AMY GOODMAN: This comes as the left candidate Jean-Luc Mélenchon placed third with about 22% of the vote. He urged his supporters to not give a single vote to Marine Le Pen in the runoff.
For more, we go to Paris to speak with Rokhaya Diallo, French journalist, writer, filmmaker, contributing writer to The Washington Post, her latest piece headlined “France has a chance to choose progressive ideals over hate and division.”
Welcome back to Democracy Now!, Rokhaya. Explain the significance of this vote.
ROKHAYA DIALLO: So, first of all, thank you for inviting me. I’m glad to be back on air on Democracy Now!
The significance of that is that it’s something — the fact that Emmanuel Macron would face Marine Le Pen on the second round was something that was expected, but for the first time we’ve had two strong candidates from the far right, and there is also the fact that Jean-Luc Mélenchon, as you just mentioned, is also now impersonating the leading voice on the left. So, his party, La France Insoumise, is like the most likely to challenge the right and the far right. And to me, what has happened yesterday just showed that now there are three — three oppose, if I can say, on the French political landscape, which is the far right, the liberal right and then the left, impersonated by Jean-Luc Mélenchon and his party, La France Insoumise.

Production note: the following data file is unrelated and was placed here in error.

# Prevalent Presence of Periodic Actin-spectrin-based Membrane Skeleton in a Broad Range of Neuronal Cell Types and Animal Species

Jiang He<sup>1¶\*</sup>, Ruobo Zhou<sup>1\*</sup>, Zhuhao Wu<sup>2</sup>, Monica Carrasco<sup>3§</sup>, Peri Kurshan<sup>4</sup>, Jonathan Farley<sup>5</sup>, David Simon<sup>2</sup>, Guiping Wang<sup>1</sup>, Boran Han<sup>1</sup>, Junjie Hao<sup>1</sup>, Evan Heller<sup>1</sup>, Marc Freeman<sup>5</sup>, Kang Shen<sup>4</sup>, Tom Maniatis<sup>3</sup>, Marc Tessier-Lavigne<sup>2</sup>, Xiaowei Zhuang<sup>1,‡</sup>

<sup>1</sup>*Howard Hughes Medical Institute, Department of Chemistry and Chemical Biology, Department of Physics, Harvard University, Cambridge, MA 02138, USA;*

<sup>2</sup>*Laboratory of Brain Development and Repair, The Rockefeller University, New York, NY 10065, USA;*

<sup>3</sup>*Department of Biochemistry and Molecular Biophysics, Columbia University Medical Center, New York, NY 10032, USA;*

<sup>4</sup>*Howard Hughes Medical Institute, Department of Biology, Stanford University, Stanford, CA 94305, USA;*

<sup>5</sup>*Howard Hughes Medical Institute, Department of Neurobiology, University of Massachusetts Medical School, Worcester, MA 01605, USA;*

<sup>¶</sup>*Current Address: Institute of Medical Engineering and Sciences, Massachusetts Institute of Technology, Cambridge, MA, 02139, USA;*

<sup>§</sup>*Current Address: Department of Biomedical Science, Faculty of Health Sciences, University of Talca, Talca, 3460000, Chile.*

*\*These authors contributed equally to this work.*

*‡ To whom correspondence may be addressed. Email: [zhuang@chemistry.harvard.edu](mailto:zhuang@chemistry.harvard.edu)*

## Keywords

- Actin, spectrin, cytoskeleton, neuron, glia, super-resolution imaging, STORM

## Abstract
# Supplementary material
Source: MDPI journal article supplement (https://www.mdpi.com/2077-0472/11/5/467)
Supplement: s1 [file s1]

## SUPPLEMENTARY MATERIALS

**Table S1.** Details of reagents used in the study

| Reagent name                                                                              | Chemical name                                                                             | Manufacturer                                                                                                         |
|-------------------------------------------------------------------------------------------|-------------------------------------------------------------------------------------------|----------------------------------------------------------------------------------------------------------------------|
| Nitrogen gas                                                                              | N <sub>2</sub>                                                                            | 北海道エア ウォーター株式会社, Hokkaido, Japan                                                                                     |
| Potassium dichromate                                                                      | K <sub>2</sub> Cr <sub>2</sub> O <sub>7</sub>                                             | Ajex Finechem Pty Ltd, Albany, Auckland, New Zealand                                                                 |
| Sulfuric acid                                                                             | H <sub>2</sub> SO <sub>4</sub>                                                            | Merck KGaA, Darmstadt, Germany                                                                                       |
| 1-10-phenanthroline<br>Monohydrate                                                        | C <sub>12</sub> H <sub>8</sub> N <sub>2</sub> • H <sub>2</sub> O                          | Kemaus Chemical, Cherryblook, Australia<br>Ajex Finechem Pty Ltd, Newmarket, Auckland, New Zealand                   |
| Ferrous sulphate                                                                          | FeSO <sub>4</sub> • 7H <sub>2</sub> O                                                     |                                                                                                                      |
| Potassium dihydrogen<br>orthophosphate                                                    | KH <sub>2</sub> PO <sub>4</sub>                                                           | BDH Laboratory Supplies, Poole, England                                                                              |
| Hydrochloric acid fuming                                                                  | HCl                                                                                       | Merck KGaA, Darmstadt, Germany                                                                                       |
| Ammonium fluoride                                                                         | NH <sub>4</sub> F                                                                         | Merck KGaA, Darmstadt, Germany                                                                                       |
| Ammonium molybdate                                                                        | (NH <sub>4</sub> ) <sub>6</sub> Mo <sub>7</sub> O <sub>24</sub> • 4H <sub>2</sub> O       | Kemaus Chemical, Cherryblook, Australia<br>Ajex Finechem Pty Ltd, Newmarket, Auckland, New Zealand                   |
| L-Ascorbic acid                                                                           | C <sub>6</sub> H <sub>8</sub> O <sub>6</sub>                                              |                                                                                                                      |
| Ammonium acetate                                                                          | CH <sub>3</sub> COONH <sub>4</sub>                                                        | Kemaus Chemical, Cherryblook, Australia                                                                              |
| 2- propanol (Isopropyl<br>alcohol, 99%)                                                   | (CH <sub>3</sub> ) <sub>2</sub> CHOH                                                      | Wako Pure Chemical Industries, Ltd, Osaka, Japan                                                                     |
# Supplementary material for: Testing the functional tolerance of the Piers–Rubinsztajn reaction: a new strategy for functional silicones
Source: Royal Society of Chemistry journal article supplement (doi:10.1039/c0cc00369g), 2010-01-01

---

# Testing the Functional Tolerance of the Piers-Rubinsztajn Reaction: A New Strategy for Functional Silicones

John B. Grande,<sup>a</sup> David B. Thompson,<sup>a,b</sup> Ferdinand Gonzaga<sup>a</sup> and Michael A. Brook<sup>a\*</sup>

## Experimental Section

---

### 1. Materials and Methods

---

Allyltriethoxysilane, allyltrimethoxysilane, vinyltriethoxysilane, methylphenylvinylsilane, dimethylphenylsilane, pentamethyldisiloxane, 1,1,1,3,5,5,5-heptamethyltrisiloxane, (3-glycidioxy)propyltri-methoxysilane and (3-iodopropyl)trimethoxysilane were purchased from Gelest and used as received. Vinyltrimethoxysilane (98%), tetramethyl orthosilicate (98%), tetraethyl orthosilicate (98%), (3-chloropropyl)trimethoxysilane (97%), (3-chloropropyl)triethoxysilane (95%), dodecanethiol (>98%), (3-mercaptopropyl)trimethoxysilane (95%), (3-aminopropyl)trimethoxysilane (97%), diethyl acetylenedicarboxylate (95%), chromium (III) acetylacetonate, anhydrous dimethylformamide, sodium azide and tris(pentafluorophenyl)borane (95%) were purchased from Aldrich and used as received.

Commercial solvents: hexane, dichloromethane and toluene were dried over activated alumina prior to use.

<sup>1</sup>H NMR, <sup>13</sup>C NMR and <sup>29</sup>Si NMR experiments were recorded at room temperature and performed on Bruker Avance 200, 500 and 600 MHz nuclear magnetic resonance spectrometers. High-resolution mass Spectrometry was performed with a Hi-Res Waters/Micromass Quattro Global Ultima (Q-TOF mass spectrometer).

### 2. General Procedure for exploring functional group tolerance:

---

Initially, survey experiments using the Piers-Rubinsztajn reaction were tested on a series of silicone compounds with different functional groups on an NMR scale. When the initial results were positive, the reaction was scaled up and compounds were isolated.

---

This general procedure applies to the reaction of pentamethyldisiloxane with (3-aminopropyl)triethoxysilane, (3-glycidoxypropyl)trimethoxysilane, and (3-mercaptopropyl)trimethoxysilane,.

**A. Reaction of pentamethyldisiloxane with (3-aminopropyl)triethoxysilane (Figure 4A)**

AMY GOODMAN: So, talk about what actually took place and what the protest vote against Macron is all about. For example, most of his time recently he has been focused on Ukraine. Today he’s headed to the north, to Le Pen country. Talk about what Marine Le Pen represents, what she said she would do if she became the head of France.
ROKHAYA DIALLO: So, Marine Le Pen is the leader of the National Rally, which is the party that was created from the National Front by her father in the early ’70s, so it’s a very far-right party that was created in early ’70s by former Nazis, French, from France, and which has been — which has taken a very strong stance against immigration and against — yeah, mostly against immigration and against immigrants, and on the idea that French citizens should be privileged in front of the people from other countries. So, Marine Le Pen has put her feet in the legacy of her father but has really tried to change the party in a way to — in a certain way to soften the package.